Seán Moncrieff: Planetary destruction is just too much to take in

If aliens arrived it’s likely they would analyse our world and call it Planet Styrofoam

We humans make nearly 13 million tonnes of polystyrene every year and you may well have had the experience of feeling your heart sink when you excitedly open a parcel and find it there. Photograph: Thomas Lohnes/Getty Images

We humans make nearly 13 million tonnes of polystyrene every year and you may well have had the experience of feeling your heart sink when you excitedly open a parcel and find it there. Photograph: Thomas Lohnes/Getty Images

 

Just in case you’ve never seen a Star Wars film, the ultimate physical expression of the evil empire’s evilness is a space craft named – subtlety – the Death Star. Looking a bit like one of those egg-shaped barbecues, it is the ultimate weapon in that it has the power to destroy a planet.

However, even the most rabid Star Wars fan should admit (but won’t) there’s nothing wildly original in this. Planet-destroying is a well-worn trope of science fiction. And when depicted in films or television, it can be a little bit underwhelming. You see a little blue ball in the middle of the screen that explodes. You might see people running about in terror on the planet’s surface. Usually, the goodies are observing this destruction from another, less Death Starry spacecraft and get a bit upset about it.

In fairness to the directors of such scenes, they are doing the best they can: it’s impossible to depict what the destruction of a planet would actually be like. At best, you can show individual aspects of it or reactions to what’s happening. But like the concept of eternity or an expanding universe (expanding into what?), we can use the words but be unable to fully comprehend the entire event. It’s too much to take in. The human mind has its limits.

Another, more earth-bound example: Styrofoam.

We humans make nearly 13 million tonnes of polystyrene every year and you may well have had the experience of feeling your heart sink when you excitedly open a parcel and find it there. Mostly, it can’t be recycled. When you break it apart to shove it in the bin, tiny bits go everywhere. Literally. They break down into particles and chemicals that enter the water, the soil and the bodies of living things, including humans. It will outlive those humans. And it’s not good for living things. I base this on my experience of cleaning the kitchen floor after the dog ate some. The smell was so gag-inducing, I considered counselling for PTSD.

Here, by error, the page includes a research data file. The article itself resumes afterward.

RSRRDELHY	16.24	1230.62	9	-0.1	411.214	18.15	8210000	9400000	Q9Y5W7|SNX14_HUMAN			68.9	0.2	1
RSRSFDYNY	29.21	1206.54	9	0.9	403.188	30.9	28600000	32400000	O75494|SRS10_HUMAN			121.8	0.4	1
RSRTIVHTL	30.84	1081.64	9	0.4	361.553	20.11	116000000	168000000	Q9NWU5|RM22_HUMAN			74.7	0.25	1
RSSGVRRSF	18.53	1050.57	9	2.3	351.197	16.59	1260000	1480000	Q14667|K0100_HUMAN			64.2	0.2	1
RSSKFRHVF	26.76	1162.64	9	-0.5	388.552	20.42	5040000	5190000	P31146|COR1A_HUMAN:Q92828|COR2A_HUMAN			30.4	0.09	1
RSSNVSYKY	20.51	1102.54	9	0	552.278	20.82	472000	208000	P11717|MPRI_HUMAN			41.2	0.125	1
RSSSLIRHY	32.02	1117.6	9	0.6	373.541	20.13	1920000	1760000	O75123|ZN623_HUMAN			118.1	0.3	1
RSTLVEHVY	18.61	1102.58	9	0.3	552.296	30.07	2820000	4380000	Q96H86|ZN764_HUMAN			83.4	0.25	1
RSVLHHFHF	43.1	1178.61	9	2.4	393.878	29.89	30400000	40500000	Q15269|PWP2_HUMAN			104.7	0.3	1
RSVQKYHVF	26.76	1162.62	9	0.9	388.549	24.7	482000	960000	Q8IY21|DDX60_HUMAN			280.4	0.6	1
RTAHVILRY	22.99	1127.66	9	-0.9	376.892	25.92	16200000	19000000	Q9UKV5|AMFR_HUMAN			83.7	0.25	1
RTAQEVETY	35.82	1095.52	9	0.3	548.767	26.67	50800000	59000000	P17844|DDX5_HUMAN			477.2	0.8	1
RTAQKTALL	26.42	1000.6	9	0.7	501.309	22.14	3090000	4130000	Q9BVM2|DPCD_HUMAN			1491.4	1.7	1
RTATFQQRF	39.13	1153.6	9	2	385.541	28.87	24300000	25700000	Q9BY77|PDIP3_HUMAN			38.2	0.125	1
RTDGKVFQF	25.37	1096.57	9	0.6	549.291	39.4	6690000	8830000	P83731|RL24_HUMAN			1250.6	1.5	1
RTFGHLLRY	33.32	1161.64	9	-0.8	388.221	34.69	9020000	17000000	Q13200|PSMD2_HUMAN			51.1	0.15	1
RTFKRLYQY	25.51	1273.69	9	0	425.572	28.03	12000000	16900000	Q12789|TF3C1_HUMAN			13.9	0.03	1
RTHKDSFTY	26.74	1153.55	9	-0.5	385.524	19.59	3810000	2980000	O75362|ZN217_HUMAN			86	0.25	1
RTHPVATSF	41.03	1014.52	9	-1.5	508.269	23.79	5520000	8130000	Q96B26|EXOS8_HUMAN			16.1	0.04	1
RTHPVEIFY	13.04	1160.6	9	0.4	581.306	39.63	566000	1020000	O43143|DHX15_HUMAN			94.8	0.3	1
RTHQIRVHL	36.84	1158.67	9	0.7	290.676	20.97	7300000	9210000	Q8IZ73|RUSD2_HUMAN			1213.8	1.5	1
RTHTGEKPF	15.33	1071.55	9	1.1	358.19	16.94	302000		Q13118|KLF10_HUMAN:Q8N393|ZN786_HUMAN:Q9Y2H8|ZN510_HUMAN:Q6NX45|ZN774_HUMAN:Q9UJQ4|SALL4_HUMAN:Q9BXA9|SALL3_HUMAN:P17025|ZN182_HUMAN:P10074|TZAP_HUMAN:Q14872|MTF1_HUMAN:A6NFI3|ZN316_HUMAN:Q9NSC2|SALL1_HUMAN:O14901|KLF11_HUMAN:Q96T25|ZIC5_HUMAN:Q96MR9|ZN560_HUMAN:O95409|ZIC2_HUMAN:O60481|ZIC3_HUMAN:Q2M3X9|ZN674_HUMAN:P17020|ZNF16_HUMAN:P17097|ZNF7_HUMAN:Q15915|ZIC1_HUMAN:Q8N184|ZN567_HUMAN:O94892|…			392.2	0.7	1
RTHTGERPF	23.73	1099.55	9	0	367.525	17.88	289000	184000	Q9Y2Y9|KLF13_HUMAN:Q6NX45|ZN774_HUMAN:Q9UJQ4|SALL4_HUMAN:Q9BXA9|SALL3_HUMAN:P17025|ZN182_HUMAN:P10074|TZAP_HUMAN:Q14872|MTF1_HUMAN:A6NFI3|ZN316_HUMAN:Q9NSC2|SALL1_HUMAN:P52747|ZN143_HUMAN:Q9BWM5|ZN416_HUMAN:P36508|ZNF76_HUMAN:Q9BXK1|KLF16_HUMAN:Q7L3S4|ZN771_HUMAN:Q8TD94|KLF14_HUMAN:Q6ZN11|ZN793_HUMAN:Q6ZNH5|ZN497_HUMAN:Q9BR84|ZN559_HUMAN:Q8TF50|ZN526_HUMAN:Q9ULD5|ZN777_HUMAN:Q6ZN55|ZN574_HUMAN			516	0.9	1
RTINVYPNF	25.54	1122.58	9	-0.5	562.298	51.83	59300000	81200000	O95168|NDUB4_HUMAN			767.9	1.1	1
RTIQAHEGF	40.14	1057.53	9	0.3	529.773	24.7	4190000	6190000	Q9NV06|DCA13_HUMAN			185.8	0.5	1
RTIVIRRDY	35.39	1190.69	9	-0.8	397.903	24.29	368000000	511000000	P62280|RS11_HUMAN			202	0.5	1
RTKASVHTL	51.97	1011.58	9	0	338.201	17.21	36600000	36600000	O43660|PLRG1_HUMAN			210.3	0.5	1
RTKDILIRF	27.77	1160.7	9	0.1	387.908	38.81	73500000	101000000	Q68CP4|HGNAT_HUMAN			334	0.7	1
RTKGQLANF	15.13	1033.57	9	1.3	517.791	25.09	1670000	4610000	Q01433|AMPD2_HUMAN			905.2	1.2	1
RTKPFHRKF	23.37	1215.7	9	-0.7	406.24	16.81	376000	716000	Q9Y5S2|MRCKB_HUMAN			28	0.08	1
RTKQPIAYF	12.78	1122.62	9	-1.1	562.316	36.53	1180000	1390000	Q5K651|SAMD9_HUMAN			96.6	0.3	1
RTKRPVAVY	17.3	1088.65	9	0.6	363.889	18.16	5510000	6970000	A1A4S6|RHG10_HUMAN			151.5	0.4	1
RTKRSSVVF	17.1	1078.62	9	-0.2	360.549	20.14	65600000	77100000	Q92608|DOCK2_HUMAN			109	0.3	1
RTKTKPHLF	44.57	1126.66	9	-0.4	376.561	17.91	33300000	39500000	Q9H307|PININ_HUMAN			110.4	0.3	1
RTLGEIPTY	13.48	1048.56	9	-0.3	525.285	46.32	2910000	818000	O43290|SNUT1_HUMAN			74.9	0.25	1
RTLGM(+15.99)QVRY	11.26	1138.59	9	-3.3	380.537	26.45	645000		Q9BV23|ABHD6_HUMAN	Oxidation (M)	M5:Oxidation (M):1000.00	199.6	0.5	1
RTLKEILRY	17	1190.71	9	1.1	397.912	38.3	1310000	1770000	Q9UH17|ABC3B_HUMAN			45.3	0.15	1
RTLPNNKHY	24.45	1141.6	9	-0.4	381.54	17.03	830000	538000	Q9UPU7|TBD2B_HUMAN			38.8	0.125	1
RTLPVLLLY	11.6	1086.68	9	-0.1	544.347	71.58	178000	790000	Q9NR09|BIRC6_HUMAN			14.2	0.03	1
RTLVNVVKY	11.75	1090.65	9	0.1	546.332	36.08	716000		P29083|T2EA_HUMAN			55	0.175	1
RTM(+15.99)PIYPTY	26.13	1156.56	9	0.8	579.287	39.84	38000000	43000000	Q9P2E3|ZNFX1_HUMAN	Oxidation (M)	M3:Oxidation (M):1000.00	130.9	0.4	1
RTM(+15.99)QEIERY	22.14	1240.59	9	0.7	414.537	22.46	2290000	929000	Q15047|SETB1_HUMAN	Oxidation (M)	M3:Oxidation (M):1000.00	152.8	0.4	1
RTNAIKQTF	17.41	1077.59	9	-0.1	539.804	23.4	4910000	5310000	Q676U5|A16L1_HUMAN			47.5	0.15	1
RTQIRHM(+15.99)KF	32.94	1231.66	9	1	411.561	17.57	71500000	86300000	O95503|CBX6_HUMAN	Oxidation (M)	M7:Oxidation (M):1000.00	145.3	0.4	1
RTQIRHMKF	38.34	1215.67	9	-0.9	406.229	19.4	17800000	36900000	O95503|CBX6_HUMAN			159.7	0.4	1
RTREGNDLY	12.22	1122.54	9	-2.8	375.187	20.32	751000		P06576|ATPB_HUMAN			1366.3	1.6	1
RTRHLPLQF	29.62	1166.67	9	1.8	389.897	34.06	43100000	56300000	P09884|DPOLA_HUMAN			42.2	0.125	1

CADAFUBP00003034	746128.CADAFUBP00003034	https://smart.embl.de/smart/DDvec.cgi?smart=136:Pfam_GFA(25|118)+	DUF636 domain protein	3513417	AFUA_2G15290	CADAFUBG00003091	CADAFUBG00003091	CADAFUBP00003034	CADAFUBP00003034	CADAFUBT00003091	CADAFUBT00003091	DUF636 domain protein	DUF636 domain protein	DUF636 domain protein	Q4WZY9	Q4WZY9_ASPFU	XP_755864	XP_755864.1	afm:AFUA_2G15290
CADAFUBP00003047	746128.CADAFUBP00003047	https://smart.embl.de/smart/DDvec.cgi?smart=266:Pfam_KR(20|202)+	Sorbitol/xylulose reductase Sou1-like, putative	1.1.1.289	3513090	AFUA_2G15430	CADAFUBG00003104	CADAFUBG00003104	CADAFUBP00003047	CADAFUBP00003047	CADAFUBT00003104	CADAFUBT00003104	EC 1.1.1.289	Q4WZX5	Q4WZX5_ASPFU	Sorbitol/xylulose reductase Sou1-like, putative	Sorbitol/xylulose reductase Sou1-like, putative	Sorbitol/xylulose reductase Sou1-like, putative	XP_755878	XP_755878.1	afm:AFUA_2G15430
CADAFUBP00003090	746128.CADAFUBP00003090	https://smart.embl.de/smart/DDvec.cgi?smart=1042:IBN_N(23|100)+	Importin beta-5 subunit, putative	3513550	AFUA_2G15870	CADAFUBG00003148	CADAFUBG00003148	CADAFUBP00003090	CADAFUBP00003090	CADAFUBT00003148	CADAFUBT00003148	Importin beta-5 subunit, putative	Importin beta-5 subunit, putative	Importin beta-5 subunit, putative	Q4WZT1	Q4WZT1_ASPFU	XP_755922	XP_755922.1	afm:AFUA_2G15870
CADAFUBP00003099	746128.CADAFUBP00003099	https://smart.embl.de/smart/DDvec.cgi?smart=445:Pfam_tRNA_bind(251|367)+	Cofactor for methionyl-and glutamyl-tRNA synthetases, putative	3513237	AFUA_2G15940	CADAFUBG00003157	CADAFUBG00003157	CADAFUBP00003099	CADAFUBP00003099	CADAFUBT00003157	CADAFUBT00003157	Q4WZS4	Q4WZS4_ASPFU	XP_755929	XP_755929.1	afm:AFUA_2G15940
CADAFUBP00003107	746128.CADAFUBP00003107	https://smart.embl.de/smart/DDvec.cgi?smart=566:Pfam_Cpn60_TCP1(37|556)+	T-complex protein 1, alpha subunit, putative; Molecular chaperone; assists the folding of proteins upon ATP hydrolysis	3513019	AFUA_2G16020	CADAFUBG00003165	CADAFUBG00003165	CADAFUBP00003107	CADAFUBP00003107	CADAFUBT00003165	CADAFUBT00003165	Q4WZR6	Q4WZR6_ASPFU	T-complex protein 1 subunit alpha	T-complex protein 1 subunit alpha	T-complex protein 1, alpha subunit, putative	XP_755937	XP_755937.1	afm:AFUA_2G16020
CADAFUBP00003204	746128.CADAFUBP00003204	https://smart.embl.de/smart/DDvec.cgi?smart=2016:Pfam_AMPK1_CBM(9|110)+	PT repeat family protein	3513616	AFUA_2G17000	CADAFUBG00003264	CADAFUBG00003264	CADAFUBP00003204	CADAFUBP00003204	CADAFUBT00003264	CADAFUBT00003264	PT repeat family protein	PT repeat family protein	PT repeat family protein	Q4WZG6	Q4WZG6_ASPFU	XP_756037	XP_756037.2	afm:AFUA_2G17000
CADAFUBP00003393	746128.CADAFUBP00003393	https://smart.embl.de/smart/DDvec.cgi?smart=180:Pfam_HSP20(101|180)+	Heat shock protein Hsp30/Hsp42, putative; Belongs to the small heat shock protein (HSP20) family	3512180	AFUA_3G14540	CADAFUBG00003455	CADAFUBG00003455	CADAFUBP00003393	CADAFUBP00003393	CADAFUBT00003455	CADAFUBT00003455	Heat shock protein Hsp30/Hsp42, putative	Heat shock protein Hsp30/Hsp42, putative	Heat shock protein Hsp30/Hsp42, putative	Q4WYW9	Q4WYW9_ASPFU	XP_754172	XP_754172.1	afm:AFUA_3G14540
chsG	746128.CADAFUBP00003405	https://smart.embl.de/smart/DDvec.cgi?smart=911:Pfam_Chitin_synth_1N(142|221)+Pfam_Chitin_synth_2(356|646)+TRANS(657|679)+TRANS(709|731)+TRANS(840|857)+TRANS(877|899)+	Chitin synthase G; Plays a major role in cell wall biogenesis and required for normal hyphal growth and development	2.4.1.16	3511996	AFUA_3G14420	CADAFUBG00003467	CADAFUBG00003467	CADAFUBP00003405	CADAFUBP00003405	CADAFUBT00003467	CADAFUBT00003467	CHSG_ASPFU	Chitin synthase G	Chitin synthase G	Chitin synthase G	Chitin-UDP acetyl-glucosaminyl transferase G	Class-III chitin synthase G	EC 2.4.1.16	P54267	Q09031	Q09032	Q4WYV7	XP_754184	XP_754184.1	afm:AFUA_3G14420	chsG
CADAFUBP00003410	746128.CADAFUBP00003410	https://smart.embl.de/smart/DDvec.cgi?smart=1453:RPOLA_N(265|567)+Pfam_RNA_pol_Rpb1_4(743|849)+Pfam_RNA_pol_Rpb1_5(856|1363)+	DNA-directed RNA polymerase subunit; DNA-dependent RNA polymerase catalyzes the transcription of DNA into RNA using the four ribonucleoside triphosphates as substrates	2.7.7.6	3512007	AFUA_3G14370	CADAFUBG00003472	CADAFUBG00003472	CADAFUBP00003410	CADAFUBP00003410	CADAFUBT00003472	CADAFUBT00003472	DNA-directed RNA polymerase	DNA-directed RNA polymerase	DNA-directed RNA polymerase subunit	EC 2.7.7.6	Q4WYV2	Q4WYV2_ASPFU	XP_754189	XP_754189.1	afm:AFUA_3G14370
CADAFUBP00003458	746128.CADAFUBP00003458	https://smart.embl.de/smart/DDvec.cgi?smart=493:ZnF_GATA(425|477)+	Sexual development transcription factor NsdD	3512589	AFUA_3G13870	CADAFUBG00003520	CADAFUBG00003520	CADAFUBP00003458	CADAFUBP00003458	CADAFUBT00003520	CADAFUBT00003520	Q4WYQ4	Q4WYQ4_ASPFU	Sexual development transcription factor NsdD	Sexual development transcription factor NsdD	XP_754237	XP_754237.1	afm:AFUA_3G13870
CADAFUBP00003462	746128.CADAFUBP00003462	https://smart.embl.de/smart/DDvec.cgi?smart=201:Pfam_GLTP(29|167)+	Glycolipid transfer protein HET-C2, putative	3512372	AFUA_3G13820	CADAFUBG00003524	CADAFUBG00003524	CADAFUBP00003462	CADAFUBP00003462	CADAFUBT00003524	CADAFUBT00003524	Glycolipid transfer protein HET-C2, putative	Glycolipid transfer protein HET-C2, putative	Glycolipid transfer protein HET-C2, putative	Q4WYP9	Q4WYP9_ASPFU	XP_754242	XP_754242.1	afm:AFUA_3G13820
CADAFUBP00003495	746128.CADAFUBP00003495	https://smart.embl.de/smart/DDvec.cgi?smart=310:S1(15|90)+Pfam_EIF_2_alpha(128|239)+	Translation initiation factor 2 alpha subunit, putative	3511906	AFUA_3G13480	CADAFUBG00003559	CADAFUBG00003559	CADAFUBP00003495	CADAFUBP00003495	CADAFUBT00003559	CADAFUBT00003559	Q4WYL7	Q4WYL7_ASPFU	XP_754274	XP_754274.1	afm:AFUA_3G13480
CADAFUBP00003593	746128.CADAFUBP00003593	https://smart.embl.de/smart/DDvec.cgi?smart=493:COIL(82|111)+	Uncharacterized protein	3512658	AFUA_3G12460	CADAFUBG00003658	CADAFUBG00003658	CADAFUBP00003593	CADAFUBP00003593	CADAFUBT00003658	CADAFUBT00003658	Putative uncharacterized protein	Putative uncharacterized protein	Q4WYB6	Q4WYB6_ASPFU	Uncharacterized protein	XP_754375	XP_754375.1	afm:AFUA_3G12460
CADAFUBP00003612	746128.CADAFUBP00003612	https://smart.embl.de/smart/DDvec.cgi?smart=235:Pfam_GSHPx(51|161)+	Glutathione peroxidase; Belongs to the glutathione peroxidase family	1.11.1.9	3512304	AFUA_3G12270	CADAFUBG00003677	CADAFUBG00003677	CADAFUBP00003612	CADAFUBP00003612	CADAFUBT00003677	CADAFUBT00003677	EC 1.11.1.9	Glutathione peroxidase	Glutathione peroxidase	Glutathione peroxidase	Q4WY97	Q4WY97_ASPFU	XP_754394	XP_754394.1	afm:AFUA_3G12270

So, while you can comprehend the polystyrene in your bin or in your dog, it’s trickier to imagine all of it, it’s overwhelming ubiquity. If aliens did arrive in their Death Star, it’s likely that they would analyse our world and call it Planet Styrofoam.

This example isn’t mine. It comes from a philosopher called Timothy Morton and it’s what he would call a hyperobject. Now this is a junior infants version of his ideas – my mind certainly has its limits – but a hyperobject is something that is so large that it’s almost impossible to comprehend. Another example he cites is climate change: it is so all-encompassing, with so many moving parts that it’s difficult to take in. It’s overwhelming.

This may explain why, for some, it’s easier to deny its existence; or for others why it might prompt a reaction of despairing whataboutery: what’s the point of doing anything when the Chinese are building coal generators or the Brazilians are increasing their cattle herd.

For everyone else, there’s the constant gnawing stress of knowing that nearly every action we take, no matter how mundane, is now weighted with environmental implications: driving the car to the shops, throwing away a sweet wrapper, buying something online. They are tiny actions, yet they feed into a planet-changing process that is unimaginably huge.

Morton argues this should change the way we view our planet: not just as a place of humans, animals and “nature” but a world where everything is interlinked, including all the waste we produce, all the gases we shoot into the air. As with Styrofoam, it’s all mixed up together now. We take responsibility for all of it.

This won’t help us to comprehend the entirety of the task at hand. We’ll still only see parts of it. We can’t, as yet, see the destination.

We just have to keep moving, one step at a time.

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